• Also no need to blink any LED. Now Rpi detects signal, no need to set monostable to less than 1/50 second. Can set it longer to say, one second. As soon as the first AC signal comes up, 555 will start its monostable, and stop one second after the AC signal goes away. The accuracy is one second, but the OP does not care. Also no need to use low pass filter, Rpi GPIO can directly read shifted down output, or let event driven interrupt do the job. I guess my quick and dirty answer is more or less coming to an end. I will exit thread to ACS712 which is off topic of NE555 here. – tlfong01 Mar 22 '19 at 2:20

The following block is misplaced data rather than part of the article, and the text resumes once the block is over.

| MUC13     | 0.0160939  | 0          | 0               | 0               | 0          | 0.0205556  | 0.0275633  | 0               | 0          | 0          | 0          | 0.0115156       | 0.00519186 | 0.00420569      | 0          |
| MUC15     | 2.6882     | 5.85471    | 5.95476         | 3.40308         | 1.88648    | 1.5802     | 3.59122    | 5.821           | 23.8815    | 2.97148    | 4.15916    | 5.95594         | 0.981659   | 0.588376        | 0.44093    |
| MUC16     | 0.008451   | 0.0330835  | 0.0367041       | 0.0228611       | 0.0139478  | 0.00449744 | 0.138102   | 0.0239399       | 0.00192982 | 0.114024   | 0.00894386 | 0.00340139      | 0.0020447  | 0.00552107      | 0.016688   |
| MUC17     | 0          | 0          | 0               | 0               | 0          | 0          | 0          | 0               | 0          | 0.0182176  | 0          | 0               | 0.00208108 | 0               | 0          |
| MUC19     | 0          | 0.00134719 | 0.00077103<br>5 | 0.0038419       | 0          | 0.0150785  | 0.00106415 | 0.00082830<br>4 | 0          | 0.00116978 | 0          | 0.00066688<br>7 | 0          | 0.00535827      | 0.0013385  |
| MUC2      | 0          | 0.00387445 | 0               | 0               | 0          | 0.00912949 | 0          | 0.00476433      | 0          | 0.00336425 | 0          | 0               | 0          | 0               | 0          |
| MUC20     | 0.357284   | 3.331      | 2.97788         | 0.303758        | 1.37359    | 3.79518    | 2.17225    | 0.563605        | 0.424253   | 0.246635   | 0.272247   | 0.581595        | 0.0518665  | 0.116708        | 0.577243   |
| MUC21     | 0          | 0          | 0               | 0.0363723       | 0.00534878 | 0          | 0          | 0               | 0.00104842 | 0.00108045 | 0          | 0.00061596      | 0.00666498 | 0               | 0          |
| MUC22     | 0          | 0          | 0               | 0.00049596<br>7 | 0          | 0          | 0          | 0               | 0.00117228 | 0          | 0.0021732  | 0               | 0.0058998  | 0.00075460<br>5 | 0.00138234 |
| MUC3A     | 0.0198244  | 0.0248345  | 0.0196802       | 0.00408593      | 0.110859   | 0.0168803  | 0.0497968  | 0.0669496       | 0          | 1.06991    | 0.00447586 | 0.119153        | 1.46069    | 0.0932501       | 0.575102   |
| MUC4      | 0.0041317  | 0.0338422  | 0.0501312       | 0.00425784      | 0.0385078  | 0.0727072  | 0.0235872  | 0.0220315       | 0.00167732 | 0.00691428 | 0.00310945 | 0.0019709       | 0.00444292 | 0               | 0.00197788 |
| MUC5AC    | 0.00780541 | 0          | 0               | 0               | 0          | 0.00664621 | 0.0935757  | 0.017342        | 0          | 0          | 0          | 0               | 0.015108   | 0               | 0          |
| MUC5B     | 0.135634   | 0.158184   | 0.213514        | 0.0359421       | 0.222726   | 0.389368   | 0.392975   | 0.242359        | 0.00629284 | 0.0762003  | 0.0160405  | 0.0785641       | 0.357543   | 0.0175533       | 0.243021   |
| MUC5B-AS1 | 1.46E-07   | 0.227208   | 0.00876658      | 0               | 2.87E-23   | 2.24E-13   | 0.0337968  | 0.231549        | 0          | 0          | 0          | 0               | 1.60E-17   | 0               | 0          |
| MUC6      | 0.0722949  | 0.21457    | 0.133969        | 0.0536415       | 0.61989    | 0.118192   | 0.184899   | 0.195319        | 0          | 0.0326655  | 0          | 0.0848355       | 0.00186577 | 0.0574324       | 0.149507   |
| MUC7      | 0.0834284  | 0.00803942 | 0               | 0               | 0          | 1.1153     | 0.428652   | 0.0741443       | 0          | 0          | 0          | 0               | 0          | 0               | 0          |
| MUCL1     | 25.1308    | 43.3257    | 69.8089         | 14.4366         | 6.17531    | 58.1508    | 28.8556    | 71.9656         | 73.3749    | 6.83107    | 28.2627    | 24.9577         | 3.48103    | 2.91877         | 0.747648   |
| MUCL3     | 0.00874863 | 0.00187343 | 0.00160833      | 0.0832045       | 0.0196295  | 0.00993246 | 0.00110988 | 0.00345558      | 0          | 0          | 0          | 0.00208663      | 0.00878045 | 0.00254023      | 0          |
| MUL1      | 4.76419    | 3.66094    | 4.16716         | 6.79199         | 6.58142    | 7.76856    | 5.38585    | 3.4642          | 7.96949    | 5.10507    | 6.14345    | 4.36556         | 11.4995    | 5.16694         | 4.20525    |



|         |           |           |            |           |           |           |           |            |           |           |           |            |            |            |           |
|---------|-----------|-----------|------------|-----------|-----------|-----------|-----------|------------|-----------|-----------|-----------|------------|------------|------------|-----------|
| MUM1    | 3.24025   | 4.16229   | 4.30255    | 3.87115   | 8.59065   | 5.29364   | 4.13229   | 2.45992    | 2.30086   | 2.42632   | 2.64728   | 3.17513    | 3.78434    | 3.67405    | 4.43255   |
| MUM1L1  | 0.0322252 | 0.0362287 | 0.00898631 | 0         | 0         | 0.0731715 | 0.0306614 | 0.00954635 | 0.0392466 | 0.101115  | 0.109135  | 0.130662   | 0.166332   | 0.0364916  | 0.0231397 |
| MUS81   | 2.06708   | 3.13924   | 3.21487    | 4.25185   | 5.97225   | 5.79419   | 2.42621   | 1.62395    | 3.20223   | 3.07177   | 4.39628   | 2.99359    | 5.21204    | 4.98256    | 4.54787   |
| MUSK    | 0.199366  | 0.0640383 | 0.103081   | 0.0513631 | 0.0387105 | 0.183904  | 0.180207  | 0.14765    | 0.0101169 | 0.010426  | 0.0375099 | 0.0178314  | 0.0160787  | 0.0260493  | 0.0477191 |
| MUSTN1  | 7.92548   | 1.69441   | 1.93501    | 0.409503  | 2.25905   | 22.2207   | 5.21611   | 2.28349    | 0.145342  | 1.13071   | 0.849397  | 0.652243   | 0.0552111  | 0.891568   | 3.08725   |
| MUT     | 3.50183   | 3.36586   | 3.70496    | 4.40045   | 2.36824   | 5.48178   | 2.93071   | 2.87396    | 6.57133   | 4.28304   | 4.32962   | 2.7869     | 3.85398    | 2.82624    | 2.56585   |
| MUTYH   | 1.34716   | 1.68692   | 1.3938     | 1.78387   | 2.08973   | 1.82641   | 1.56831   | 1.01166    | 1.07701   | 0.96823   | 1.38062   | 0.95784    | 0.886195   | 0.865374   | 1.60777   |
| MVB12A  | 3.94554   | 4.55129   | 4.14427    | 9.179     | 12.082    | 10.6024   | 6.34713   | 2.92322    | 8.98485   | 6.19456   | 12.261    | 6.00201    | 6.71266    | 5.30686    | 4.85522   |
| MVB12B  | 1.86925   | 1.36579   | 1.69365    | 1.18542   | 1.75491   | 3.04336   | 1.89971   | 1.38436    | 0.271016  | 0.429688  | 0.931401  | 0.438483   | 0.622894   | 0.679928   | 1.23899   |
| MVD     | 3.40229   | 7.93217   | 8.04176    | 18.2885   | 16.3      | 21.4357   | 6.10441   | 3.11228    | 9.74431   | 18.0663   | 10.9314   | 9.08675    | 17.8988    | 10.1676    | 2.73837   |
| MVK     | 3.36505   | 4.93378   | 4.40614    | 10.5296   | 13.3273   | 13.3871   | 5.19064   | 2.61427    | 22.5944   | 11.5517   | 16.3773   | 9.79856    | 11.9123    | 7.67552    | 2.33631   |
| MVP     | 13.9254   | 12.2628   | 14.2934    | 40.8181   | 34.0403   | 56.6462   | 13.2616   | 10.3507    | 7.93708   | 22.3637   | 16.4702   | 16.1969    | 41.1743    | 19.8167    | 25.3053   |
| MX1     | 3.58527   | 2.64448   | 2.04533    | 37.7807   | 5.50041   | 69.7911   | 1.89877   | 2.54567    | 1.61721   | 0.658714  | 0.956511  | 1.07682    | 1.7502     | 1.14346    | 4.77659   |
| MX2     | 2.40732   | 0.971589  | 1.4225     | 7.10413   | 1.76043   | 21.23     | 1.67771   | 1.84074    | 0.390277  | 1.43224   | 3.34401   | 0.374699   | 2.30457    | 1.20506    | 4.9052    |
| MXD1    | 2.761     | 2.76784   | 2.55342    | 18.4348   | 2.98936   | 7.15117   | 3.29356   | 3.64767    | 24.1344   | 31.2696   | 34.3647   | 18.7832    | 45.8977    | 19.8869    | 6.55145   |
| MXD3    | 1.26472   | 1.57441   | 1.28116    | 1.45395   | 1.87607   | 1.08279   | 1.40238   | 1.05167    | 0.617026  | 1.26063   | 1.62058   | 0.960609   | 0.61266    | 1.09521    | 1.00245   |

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Use either a microcontroller with built-in ADC (ATMega/Arduino/etc) or dedicated I2C/SPI ADC chip, then design input protection and voltage divider circuitry suitable for the input voltages required to convert them within your ADC's range (0-3.3V or 0-5V are common). A voltage divider works for DC circuits, probably want a clamping diode to protect your circuit if the voltage goes over the maximum value, and an inline resistor to limit current into the ADC input. For AC, you'll need more sophisticated circuitry to convert the AC to DC for measurement (see true RMS multimeters).